Tongue Asymmetry and Muscle Shortening During Speech in Partial Glossectomy Patients and Controls
AdvisorStone, Maureen L.
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AbstractTumors of the tongue are routinely removed by partial glossectomy surgery. This study examines the extent of anatomical asymmetries caused by the glossectomy surgery and its effects on the tongue’s resting position and motor symmetry. Magnetic resonance imaging (MRI) data of ten control subjects and ten glossectomy patients were obtained. 3D tongue volumes were extracted from high-resolution MRI data using Matlab. Using cine- and tagged-MRI data, shortening of the genioglossus, transverse, and verticalis muscles were calculated during a speech task involving /∫/ and /l/. Anatomical asymmetries were observed in the control subjects, although they were generally small and less than in glossectomy patients. Glossectomy patients aimed to distribute their tongue volume evenly in the oral cavity, irrespective of anatomical asymmetry, by posturing their tongue towards the resected side. Glossectomy patients shortened more muscles when executing the speech task. Muscle shortening asymmetry was observed in both control and patient groups.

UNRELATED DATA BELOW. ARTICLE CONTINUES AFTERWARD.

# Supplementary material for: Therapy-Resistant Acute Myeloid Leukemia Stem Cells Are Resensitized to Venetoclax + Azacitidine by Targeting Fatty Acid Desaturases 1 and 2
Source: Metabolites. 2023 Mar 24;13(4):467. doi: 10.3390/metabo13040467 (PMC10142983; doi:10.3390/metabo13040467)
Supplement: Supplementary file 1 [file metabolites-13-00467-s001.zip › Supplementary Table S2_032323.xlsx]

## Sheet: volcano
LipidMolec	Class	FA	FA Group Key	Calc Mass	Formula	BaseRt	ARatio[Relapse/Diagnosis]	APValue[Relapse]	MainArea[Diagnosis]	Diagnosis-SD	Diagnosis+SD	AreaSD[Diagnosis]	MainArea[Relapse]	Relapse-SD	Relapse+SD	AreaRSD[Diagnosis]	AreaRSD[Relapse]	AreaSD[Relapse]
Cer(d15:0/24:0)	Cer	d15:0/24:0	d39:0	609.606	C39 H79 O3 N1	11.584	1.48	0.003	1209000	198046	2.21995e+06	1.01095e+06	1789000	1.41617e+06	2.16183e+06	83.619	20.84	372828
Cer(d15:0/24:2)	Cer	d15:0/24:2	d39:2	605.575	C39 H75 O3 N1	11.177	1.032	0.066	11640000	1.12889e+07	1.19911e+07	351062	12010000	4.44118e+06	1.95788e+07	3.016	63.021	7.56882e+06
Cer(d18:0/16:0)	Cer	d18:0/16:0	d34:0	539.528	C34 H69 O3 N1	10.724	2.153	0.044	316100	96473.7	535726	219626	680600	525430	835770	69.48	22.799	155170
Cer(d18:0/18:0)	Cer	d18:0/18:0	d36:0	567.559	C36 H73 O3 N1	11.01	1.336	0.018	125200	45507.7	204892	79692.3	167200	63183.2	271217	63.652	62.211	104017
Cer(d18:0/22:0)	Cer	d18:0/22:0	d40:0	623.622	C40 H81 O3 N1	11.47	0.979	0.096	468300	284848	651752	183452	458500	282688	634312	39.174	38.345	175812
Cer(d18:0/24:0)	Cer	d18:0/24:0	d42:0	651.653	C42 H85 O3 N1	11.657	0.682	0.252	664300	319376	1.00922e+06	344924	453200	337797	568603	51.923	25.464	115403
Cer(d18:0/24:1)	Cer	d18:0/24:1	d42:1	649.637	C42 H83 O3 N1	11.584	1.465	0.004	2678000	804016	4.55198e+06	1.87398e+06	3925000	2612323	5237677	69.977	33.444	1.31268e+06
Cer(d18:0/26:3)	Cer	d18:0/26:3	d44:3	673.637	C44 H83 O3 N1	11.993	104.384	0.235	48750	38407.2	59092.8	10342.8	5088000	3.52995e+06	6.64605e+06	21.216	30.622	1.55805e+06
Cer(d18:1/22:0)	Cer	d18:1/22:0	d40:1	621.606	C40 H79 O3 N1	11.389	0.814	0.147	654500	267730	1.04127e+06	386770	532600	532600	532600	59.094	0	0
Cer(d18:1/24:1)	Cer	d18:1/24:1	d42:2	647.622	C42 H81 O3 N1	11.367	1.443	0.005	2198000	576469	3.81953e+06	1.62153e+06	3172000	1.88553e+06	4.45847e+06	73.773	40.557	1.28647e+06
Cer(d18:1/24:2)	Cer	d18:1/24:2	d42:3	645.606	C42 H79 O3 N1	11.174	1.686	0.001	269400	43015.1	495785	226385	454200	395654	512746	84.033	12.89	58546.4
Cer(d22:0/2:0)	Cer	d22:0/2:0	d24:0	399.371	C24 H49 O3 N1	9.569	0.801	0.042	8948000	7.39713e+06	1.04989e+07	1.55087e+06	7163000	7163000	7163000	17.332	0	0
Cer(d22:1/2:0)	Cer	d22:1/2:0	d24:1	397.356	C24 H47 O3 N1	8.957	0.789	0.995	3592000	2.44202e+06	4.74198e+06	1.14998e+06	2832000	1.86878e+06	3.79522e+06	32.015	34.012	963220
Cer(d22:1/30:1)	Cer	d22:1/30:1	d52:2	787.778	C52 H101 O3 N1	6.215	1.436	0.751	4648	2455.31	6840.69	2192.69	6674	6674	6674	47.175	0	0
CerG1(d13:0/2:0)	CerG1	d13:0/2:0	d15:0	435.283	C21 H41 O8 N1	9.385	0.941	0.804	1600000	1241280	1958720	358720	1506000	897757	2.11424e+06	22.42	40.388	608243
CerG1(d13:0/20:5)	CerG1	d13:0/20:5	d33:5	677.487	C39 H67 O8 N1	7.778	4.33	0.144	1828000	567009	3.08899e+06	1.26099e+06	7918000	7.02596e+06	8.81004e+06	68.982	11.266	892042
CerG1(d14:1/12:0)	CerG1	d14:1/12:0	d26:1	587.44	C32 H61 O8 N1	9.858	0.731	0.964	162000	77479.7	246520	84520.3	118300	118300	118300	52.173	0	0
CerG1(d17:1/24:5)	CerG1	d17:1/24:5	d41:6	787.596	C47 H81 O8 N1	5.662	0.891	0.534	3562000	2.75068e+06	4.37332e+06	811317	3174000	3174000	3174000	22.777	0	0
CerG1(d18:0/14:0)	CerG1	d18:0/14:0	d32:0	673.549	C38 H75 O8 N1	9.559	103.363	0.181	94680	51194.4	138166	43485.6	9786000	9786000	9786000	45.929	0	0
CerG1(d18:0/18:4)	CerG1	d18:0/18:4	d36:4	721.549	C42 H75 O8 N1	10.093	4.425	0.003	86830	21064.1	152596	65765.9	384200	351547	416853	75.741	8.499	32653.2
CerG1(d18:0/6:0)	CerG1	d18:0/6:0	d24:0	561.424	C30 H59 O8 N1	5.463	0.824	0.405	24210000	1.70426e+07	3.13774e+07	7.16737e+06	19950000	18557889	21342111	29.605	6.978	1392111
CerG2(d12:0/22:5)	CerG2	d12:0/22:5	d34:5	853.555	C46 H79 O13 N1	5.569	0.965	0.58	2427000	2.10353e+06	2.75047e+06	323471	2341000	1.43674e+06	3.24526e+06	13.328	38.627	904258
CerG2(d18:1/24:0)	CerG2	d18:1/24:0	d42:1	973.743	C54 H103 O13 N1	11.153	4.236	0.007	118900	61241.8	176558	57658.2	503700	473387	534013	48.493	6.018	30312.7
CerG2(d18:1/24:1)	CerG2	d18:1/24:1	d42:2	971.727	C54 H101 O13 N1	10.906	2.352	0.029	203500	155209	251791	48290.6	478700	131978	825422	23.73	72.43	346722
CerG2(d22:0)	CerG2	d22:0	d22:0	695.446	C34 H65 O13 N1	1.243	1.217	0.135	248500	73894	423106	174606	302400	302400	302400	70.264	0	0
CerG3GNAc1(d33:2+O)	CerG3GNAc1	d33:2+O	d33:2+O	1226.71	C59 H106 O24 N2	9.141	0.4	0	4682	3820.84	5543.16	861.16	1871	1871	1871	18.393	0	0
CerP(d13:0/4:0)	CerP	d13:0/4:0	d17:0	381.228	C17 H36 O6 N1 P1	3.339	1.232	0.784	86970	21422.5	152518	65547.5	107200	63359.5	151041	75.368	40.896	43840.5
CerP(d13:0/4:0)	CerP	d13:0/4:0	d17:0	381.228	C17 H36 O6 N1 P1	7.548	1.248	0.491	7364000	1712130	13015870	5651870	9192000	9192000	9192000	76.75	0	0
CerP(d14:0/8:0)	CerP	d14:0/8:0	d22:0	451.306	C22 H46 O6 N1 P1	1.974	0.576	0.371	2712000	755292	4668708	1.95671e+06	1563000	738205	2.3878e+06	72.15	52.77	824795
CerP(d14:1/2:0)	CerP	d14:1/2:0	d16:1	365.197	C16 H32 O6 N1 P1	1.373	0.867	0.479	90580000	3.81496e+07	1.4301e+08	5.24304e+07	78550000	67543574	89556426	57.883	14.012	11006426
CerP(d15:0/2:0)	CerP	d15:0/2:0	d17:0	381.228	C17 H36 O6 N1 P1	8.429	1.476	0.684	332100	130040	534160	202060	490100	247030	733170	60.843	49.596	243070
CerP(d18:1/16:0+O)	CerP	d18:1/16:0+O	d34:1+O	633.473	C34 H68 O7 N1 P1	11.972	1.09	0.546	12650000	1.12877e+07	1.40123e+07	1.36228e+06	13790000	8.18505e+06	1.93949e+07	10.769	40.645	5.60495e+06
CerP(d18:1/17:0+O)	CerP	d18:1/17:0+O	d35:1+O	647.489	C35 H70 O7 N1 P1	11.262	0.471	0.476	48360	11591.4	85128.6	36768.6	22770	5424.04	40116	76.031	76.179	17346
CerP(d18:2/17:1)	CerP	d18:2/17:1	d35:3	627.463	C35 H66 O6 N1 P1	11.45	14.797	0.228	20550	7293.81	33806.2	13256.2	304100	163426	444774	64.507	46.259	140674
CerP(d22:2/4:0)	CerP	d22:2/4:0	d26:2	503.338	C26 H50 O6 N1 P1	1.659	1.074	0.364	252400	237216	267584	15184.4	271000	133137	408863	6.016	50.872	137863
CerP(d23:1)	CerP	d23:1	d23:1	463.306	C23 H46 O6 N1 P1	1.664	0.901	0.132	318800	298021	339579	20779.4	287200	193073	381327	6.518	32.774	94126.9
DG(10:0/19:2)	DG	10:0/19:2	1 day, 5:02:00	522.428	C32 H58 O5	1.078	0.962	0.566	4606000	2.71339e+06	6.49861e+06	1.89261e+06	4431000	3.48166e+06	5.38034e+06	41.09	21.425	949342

DescriptionBiomedical Sciences-Dental School
University of Maryland, Baltimore